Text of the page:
Sunbed use

Regular use of sunbeds or regular sunbathing damages skin. It becomes more vulnerable to healing complications. In particular if you smoke and use sunbeds regularly the risk of delayed healing or wound separation increase. It is therefore important not to use a sunbed in the preoperative period. Please also inform Mr Turton of previous regular sunbed usage.


Mr Turton prefers that you tell him about all medication, herbal preparations or supplements that you take. He will normally ask that you avoid the vitamin and herbal supplements in the weeks before surgery and any non essential medication. In the two weeks before surgery, if you have a headache (or hangover) or period pain, then you should have Paracetamol and avoid anti-inflammatories such as Brufen or Aspirin. These recommendations help to risk unnecessary oozing after surgery, output from the drains, and also lowers the risk of a return to theatre in the first 24-hours to evacuate a haematoma.


Preoperative Management

You will be admitted to one of the surgical wards. You will be seen by Mr Turton before the operation and a final check of any pre-operative tests or questions will be made. Pre-operative tests can include a blood test, a chest X-Ray, a tracing of your heart beat and a general medical history. A Consultant anaesthetist will visit you and talk about putting you to sleep for the operation. You will be kept Nil By Mouth (nothing to eat or drink at all) for 6-hours prior to surgery. On the morning of the operation you may still take a bath or shower. Prior to surgery you will put on an operation gown and the nurse looking after you will complete a routine checklist. She will also give you an elasticated tubigrip to wear around your waist- this is pulled up over the breasts after the operation. Please ensure you are given this before coming down to theatre!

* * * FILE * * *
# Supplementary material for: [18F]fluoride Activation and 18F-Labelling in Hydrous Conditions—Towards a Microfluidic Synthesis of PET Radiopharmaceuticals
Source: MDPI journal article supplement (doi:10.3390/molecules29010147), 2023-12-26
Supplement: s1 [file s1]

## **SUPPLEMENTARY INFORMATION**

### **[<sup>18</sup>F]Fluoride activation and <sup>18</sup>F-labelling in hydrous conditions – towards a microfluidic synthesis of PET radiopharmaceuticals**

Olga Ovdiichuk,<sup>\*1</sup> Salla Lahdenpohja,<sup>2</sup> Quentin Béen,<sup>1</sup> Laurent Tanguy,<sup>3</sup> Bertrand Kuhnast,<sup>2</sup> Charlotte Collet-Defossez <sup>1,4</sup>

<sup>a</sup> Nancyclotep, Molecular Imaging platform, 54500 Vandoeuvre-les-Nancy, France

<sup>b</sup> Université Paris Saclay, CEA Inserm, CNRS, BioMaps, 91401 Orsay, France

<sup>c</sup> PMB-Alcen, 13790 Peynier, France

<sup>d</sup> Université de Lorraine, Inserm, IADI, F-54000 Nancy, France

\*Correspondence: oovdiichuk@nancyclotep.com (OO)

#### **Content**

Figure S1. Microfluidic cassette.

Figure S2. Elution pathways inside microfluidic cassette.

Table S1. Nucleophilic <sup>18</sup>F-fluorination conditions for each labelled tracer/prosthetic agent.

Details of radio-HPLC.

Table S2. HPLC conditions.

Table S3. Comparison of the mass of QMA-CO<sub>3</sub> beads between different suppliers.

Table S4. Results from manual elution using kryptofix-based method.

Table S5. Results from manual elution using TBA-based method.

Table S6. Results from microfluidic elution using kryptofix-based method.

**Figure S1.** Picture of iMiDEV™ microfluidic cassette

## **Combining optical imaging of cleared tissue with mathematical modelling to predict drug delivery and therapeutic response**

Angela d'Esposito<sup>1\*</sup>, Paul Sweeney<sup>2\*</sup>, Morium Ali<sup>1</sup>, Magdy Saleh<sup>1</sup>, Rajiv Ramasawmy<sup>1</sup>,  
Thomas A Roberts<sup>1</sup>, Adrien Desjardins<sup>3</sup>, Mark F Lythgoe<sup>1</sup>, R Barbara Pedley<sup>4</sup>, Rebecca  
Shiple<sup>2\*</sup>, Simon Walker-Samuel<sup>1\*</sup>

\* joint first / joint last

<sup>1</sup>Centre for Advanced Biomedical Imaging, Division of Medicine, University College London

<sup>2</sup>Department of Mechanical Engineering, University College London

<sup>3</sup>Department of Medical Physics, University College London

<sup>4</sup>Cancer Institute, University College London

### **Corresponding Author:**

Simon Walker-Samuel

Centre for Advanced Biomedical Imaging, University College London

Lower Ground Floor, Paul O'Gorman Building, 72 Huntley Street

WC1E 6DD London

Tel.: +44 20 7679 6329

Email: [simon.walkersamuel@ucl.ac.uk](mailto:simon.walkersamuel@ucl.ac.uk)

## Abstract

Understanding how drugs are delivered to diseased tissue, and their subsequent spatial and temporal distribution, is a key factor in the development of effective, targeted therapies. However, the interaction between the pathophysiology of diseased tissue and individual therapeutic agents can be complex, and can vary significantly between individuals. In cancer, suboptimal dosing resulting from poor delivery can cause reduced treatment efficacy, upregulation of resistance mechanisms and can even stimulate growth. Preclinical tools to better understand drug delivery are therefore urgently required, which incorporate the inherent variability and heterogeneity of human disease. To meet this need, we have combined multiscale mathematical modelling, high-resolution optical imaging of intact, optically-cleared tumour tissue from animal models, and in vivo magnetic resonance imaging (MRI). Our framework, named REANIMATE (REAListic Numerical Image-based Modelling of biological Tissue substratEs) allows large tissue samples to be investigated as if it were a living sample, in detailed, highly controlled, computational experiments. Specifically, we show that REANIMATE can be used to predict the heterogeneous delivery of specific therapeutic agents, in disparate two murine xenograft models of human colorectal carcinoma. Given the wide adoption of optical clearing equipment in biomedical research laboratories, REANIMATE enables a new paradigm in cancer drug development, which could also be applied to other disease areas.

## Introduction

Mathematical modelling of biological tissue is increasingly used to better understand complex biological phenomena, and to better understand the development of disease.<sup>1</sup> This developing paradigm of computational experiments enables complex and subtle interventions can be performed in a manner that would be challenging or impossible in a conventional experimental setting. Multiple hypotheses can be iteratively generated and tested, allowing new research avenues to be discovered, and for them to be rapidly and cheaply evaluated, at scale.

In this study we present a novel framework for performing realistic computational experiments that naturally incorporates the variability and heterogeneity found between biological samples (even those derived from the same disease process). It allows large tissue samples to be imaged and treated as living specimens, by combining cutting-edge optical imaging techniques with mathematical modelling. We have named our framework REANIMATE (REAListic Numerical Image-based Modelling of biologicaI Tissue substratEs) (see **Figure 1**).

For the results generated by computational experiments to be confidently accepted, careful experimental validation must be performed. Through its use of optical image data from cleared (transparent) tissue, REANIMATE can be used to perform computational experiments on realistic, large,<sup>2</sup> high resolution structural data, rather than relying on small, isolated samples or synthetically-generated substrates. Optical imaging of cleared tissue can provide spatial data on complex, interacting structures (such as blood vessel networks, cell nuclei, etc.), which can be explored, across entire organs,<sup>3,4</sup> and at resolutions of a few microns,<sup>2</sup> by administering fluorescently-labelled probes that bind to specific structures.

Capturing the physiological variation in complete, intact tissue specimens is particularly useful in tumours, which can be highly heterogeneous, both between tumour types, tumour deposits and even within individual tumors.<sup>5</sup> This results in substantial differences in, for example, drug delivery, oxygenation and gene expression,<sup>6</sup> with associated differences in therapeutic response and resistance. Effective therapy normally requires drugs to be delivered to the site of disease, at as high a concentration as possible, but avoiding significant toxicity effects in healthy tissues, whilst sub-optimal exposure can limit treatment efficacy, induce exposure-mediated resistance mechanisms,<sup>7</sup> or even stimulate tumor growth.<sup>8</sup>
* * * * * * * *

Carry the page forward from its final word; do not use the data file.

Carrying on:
Mr Turton will see you to obtain your signature for consent and to “mark up” the breasts with the measurements for the reduction. A photograph is normally taken once the measurements have been marked (this excludes your face to protect your anonymity).

Antibiotics are given during the procedure so it is important to highlight any allergies.


Post Operative

Please review the FAQs on Mr Turton's web site ( You will have an infusion (drip) in your hand until you are able to eat and drink. There may be two drainage tubes, one in each breast if you have had bilateral (both sides) breast reduction, and one if unilateral (one side) reduction and these are normally in place for 48 hours. Women can expect to return home 2 days post op, once they are mobile and self caring. It is recommended that you wear the elasticated support dressing (tubigrip) day and night for support and comfort. Mr Turton prefers that it is not removed for washing- please take a shallow bath with the water just run up to lower waist, sponge under arms, and ask someone else to help with hair washing- this is for the first 2-weeks after surgery- it keeps your dressings dry, and removes the need for these to be changed, reduces infection and minimises discomfort.

You are encouraged to move your arms as soon as possible to prevent stiffness, but avoid raising your arms above shoulder height. Avoid lifting anything heavier than a kettle for the first 2-weeks. Avoid opening heavy doors. Avoid using a pull-type cork screw or grating cheese!